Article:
Travelling to and in Iceland

How to get here

Our international airport is Keflavik (KEF) and it is located some 35 minutes from downtown Reykjavik. A simple search on sites like Dohop or Skyscanner will find you the best prices on flights to Iceland. We will of course assist in planning of international flights and in fact we urge you to keep us in the loop to prevent scheduling conflicts.

There are no trains in Iceland but buses and taxis that can take you to Reykjavik are located just outside the airport. We of course offer meet and greet services in Keflavik for your convenience.


In Iceland it is illegal to flag down a taxi on the street but there are taxi stands located here and there in the city and you can also ask almost anybody to call you a taxi.

Internal/domestic flights

There are currently two airlines operating internal flights in Iceland. The most common ones for our guests to use are Akureyri, Husavik and Egilsstadir. The domestic airport in Reykjavik is located close to downtown.

Rental cars

Can be quite expensive but also suspiciously cheap. Please ask for our assistance before booking a rental car in Iceland.


Our local currency is the Icelandic Krona (ISK) but most big shops will accept Dollars, Pounds and Euros. It is however safer to have some local currency at hand if needed but almost all shops and restaurants accept credit cards.

Guide and staff gratuities are welcome in foreign currency.


In Iceland we speak Icelandic. It’s a language hard to learn and that only about maximum of 500.000 people in the world speak (if that). However all of our guides speak good English and so does 99% of the service industry in Iceland. You do not have to worry about language barriers in Iceland as long as you speak English. Due to our long standing connection with Denmark some of the locals can speak Danish or some other Scandinavian language. We might also be able to make ourselves understood with some form of “Scandinavian”.

Stay connected

Free WiFi can be found widely in Iceland, especially at coffee houses, bars and restaurants in Reykjavik and bigger towns. Most of the bigger fishing lodges have WiFi for free but in some cases you might need to rely on mobile data if you need to stay connected. Please advise us or our driver upon pick up if you need to get a data card for your phone or tablet.

Dialing code for Iceland is +354. Mobile coverage is very good in Iceland in general and for most of our rivers there is mobile connection. If you need peace and quiet simply hand your phone over to your guide or lodge manager at the start of your trip and he will give it back when the fishing is over.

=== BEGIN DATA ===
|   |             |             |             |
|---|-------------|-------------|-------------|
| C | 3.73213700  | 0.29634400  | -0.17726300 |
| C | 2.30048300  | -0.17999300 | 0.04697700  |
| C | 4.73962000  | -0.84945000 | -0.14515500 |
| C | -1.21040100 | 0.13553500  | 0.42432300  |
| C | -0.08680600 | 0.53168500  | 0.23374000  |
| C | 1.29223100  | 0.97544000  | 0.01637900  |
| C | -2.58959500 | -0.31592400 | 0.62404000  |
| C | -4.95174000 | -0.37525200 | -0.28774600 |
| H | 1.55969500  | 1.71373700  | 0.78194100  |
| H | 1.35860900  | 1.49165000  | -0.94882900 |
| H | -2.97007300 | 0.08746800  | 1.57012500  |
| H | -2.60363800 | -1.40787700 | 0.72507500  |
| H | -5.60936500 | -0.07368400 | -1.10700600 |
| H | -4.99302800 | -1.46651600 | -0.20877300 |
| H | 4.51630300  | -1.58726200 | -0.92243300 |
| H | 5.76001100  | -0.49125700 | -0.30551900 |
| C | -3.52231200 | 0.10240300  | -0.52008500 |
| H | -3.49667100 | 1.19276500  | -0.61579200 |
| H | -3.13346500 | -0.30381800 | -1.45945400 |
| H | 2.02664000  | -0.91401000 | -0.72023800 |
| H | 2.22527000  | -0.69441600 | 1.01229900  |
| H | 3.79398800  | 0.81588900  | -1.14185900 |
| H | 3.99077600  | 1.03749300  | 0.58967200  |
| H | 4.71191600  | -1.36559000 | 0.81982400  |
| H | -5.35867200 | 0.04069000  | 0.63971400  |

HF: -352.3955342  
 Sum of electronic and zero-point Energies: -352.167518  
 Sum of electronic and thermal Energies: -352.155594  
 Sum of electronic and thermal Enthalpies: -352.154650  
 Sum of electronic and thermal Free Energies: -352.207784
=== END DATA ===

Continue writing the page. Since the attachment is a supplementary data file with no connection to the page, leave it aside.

In Iceland the electricity supply is 220 volts, 50 HZ, as it is in most European countries. Plugs and sockets are of the two-pin type as in Continental Europe.


Iceland is on Greenwich Mean Time (GMT) and there is no daylight savings time here. In the months from late May to early August it will not get really dark at any time. Sure it will get darker but during that time in the course of a fishing day it will not get dark.

Fishing hours

Usually the fishing starts in the afternoon, either 16:00 or 15:00, on your first day and ends at 12:00 on departure day. This varies between rivers but for the most part that is the rule. For most salmon fishing the hours allowed are 7:00 – 13:00 and 16:00 – 22:00. This changes late in the season as well as it varies between rivers. In general there is a limit to 12 hours of fishing per day.


Most of our guides will have tippet, flies and a few things needed for the fishing but we always recommend you bring your own. Some of the guides are very particular about the flies they want their clients to use and if so they will have flies for you to use. We still advise you to bring your own and to ask about patterns before coming but we also list recommended patterns in information documents for each river.

If you decide not to bring any flies for the fishing and use the guides your entire stay please don’t forget to compensate the guide for the use of his flies at the end of your stay. But please note that even if a guide puts his own fly on your leader that does not mean you have to buy it – it simply means the guide wants you to use one of his flies.

Tipping your guide is expected at your discretion. Recommended tip is 50 – 100 USD per day, divided by the number of guests each guide is assisting.